Today is the most anticipated day of our camino journey. Our destination is the Cathedral at the heart of Santiago de Compostela.
The 20 kilometres breeze by, barely noticeable. We pass alongside the runway of Lavacolla airport and climb the modest Monte del Gozo with its monumentally-scaled monument commemorating a visit by Pope John Paul II. More importantly, the hill offers the first glimpse of the twin towers of the Cathedral. We head down the slopes and into the suburban fringes of the city. Straight streets lined with modern buildings give way to the medieval centre of narrow, twisted passages.
Rain has followed us on this last day and it seems to intensify as we near our goal. Now in the winding streets of Santiago, we see many pilgrims huddling under stone colonnades. One waves to us, cheering us on. It is a fellow we met early in our journey – a portly man from Toronto who fell in with a several other men, all starting out as individuals but eventually forming a troupe that would complete their pilgrimage together.
That is life on the camino, individuals lives winding in and around your own orbit along this 800 kilometer path across Spain. Some would disappear from your field of vision, either on a different schedule or forced to stop due to health concerns or time constraints. Others would suddenly reappear, such as our friend from Toronto, members of a small community tenuously linked together by a long walk.
We arrive at the Prazo Obradoira, the handsome square fronting the Cathedral. It is a bittersweet moment. We have successfully crossed an entire country on foot. Yet there is yearning for the trip to continue. Standing here in the shadow of the largest of many large cathedrals we have encountered on our journey, it is clear that the journey is more important than the destination. Walking, with its gentle rhythmic motion, is not too dissimilar from the recitation of a chant. It releases us from the rush of our everyday modern lives and forces an intimate examination and understanding of the small worlds we pass through.
Our journey will continue. We have already decided that this plaza is just another stopping point in our walking lives. After a day of rest in Santiago we will continue westward, walking to Finisterre and then to Muxia. And after that? We are already fomenting ideas of future long walks. In 2014, we would complete a 600-kilometre walk between Prague and Vienna and, in 2015 we will be starting a 1,100-kilometre pilgrimage around the island of Shikoku in Japan.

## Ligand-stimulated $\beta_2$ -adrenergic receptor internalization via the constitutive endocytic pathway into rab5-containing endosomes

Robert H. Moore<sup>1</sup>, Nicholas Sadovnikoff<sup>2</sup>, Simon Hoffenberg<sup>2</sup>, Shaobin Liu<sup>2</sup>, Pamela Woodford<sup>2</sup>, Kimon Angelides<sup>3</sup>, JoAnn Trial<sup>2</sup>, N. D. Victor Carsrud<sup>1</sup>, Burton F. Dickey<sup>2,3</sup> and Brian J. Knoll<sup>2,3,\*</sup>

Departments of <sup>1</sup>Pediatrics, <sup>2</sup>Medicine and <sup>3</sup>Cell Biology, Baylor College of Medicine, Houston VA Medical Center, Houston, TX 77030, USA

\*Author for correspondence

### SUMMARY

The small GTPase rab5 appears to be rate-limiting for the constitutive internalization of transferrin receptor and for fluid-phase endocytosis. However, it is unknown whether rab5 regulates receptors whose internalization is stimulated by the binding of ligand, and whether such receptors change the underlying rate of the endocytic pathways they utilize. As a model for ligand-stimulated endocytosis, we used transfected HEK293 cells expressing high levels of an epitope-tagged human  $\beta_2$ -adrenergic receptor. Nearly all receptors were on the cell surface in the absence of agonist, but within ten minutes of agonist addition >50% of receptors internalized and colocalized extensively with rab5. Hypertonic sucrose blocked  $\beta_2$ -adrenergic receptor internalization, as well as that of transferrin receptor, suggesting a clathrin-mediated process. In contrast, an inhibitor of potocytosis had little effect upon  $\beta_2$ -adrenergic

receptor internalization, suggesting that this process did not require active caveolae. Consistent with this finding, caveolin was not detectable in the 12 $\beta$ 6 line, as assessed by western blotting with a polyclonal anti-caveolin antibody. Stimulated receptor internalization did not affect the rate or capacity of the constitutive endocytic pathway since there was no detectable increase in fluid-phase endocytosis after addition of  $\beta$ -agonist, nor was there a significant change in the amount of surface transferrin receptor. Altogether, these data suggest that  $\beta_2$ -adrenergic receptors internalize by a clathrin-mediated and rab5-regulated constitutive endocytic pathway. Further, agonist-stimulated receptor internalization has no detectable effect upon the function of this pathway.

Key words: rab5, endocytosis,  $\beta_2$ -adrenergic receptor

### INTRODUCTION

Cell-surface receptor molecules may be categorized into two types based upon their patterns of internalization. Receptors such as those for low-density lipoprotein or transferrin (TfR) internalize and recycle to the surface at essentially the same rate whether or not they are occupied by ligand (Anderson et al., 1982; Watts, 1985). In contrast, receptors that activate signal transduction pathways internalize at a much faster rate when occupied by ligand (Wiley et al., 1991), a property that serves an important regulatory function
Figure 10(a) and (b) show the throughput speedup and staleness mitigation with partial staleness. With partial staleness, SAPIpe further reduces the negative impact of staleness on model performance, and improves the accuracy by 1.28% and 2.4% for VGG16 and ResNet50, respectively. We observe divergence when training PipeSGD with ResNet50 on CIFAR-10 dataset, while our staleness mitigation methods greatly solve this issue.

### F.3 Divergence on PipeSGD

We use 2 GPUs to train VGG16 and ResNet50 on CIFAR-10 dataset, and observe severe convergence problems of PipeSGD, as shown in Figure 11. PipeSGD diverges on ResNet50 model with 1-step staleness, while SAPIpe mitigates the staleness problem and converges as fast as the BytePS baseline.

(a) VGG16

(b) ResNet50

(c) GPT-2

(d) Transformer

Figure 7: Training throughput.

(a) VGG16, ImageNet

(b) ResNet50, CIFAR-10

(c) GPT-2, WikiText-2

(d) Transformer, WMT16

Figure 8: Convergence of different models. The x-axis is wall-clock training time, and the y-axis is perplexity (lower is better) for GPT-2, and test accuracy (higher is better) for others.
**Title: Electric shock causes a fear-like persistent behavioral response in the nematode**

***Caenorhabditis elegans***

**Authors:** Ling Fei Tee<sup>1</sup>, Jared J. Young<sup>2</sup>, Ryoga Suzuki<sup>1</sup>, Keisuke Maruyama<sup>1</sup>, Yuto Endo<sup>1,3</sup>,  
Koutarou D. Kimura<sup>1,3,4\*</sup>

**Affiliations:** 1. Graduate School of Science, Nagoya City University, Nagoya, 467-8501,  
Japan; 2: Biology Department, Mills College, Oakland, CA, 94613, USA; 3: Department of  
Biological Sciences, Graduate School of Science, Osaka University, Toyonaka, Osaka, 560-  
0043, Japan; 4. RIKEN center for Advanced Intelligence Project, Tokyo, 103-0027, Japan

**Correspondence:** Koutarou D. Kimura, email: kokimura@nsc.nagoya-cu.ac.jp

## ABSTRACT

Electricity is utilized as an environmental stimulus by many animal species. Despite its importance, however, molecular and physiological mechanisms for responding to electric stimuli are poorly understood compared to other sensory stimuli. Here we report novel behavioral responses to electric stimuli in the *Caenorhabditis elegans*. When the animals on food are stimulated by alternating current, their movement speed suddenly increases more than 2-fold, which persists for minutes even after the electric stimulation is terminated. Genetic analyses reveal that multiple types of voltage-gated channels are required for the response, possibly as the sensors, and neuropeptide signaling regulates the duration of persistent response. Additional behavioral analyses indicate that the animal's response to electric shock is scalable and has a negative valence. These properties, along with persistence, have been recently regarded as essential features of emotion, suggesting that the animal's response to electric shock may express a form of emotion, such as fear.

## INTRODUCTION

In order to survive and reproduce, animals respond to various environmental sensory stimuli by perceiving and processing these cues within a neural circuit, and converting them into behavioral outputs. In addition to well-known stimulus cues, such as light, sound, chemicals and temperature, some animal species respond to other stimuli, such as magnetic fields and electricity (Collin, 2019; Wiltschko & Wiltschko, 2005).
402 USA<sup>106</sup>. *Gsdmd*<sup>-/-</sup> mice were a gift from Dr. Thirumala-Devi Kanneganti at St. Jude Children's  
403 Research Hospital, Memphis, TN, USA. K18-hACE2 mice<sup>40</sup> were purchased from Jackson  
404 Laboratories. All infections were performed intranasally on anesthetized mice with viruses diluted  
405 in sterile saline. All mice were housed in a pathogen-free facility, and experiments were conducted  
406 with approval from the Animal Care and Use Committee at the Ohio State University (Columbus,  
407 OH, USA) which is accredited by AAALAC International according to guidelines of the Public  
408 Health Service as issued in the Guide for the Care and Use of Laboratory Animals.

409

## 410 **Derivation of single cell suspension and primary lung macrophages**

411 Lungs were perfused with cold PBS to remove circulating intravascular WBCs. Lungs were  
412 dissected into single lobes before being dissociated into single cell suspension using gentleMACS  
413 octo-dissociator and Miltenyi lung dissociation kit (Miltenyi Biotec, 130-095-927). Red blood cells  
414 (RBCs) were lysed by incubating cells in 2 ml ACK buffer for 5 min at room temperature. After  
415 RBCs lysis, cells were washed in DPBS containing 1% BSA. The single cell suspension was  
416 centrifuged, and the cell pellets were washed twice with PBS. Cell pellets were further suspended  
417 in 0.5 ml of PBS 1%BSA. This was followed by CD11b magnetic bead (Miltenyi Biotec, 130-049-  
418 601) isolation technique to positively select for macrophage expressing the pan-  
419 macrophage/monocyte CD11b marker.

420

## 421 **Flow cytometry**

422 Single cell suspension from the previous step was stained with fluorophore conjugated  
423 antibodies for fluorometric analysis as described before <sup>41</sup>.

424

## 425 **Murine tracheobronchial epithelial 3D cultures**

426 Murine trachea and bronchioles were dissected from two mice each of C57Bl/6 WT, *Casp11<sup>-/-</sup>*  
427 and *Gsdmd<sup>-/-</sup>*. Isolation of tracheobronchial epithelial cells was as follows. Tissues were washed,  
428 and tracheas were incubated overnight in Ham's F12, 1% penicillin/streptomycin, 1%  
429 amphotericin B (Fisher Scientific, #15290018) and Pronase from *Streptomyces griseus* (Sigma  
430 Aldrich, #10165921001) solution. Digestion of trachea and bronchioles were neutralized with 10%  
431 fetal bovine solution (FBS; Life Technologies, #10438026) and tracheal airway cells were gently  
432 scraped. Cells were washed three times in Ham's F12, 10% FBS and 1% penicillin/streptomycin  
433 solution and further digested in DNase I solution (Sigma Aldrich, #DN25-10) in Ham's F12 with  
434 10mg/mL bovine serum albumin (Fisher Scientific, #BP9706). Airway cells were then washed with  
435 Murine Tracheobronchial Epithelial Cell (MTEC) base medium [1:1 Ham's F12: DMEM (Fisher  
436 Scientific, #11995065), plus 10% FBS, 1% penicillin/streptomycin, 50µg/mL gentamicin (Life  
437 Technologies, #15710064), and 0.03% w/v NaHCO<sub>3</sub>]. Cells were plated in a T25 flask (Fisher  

But today and the next, we plan to relax and enjoy beautiful Santiago. That starts with checking into to our luxurious Parador. This is another wonderful conversion of an historic building into a high-end hotel. It was born as the Hostal de Los Reyes Católicos in 1501 to serve as a badly needed pilgrim hostal and hospital. Later, it added orphanage to its list of functions. In the Franco years, it was converted to its current use, but with a light touch that maintains almost all of its historic fabric. It is nicely located, facing onto the Praza Obradoira and the Cathedral. The hotel’s front façade is a beautiful Plateresque (think Spanish Renaissance) wall emulating the finely detailed decorations found on a sliver platter. To my mind, it’s architectural style outshines the Cathedral.
Our tour of the Cathedral does not start with the requisite pilgrims’ mass at noontime – that would happen the following day – but with an unusual tour. We tourists are well-used to the typical climb up a church’s bell tower for the magnificent vista. This one ups the ante. The tour deposits you on the actual roof top, on which you are allowed to scamper willy-nilly, seemingly without regard for any safety concerns. It is a fascinating way to see the Cathedral, the city below and, off on the horizon, our next landscape where we will prolong our pilgrimage for several more days on our way to the west coast of Spain.
This is the twenty-first of a number of planned posts to my on-going Walking the Camino de Santiago, A Photo Essay. If you have any observations or your own Camino experiences to relate, feel free to use the Comments section below.
If you are interested in purchasing prints for any of the photographs in this series of Camino de Santiago blog posts, they can be ordered directly from my website at www.firmangallery.com/camino-frances